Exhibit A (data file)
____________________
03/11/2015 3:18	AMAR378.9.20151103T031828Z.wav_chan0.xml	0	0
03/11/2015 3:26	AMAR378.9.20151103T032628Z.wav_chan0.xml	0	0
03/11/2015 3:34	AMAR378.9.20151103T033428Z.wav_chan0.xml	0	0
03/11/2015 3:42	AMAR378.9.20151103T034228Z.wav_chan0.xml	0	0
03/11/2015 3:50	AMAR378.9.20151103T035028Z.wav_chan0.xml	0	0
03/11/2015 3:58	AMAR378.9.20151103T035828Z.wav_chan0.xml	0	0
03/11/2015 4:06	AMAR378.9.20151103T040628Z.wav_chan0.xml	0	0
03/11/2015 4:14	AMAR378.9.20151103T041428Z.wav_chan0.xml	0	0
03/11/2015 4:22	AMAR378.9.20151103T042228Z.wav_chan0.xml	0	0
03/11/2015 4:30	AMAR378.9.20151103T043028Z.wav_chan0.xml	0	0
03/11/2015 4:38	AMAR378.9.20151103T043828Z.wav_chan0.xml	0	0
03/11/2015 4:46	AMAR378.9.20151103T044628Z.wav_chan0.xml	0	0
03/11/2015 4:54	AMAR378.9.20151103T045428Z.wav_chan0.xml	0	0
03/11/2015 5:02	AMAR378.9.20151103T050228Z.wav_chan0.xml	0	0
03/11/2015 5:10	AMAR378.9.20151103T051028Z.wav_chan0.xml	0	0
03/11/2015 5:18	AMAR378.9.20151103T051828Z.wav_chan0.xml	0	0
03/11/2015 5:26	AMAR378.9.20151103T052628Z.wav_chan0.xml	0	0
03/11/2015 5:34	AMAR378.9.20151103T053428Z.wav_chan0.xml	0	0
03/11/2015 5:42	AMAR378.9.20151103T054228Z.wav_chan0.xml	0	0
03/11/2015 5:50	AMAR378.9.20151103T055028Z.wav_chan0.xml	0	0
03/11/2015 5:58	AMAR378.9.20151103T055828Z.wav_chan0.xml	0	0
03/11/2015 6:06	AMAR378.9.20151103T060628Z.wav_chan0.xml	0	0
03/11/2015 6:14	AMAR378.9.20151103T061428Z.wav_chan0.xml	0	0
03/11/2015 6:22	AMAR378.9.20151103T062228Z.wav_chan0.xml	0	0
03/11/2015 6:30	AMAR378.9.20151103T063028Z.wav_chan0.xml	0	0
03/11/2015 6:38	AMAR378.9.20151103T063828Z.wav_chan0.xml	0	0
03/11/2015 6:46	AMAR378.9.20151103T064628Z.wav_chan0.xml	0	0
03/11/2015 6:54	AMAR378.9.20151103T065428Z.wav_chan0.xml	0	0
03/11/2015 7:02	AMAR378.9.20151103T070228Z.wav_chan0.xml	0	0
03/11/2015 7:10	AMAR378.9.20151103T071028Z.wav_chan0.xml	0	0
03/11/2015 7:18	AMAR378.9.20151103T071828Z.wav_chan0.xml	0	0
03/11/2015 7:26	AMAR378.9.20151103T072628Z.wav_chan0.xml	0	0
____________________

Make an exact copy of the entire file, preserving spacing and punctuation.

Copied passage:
03/11/2015 3:18	AMAR378.9.20151103T031828Z.wav_chan0.xml	0	0
03/11/2015 3:26	AMAR378.9.20151103T032628Z.wav_chan0.xml	0	0
03/11/2015 3:34	AMAR378.9.20151103T033428Z.wav_chan0.xml	0	0
03/11/2015 3:42	AMAR378.9.20151103T034228Z.wav_chan0.xml	0	0
03/11/2015 3:50	AMAR378.9.20151103T035028Z.wav_chan0.xml	0	0
03/11/2015 3:58	AMAR378.9.20151103T035828Z.wav_chan0.xml	0	0
03/11/2015 4:06	AMAR378.9.20151103T040628Z.wav_chan0.xml	0	0
03/11/2015 4:14	AMAR378.9.20151103T041428Z.wav_chan0.xml	0	0
03/11/2015 4:22	AMAR378.9.20151103T042228Z.wav_chan0.xml	0	0
03/11/2015 4:30	AMAR378.9.20151103T043028Z.wav_chan0.xml	0	0
03/11/2015 4:38	AMAR378.9.20151103T043828Z.wav_chan0.xml	0	0
03/11/2015 4:46	AMAR378.9.20151103T044628Z.wav_chan0.xml	0	0
03/11/2015 4:54	AMAR378.9.20151103T045428Z.wav_chan0.xml	0	0
03/11/2015 5:02	AMAR378.9.20151103T050228Z.wav_chan0.xml	0	0
03/11/2015 5:10	AMAR378.9.20151103T051028Z.wav_chan0.xml	0	0
03/11/2015 5:18	AMAR378.9.20151103T051828Z.wav_chan0.xml	0	0
03/11/2015 5:26	AMAR378.9.20151103T052628Z.wav_chan0.xml	0	0
03/11/2015 5:34	AMAR378.9.20151103T053428Z.wav_chan0.xml	0	0
03/11/2015 5:42	AMAR378.9.20151103T054228Z.wav_chan0.xml	0	0
03/11/2015 5:50	AMAR378.9.20151103T055028Z.wav_chan0.xml	0	0
03/11/2015 5:58	AMAR378.9.20151103T055828Z.wav_chan0.xml	0	0
03/11/2015 6:06	AMAR378.9.20151103T060628Z.wav_chan0.xml	0	0
03/11/2015 6:14	AMAR378.9.20151103T061428Z.wav_chan0.xml	0	0
03/11/2015 6:22	AMAR378.9.20151103T062228Z.wav_chan0.xml	0	0
03/11/2015 6:30	AMAR378.9.20151103T063028Z.wav_chan0.xml	0	0
03/11/2015 6:38	AMAR378.9.20151103T063828Z.wav_chan0.xml	0	0
03/11/2015 6:46	AMAR378.9.20151103T064628Z.wav_chan0.xml	0	0
03/11/2015 6:54	AMAR378.9.20151103T065428Z.wav_chan0.xml	0	0
03/11/2015 7:02	AMAR378.9.20151103T070228Z.wav_chan0.xml	0	0
03/11/2015 7:10	AMAR378.9.20151103T071028Z.wav_chan0.xml	0	0
03/11/2015 7:18	AMAR378.9.20151103T071828Z.wav_chan0.xml	0	0
03/11/2015 7:26	AMAR378.9.20151103T072628Z.wav_chan0.xml	0	0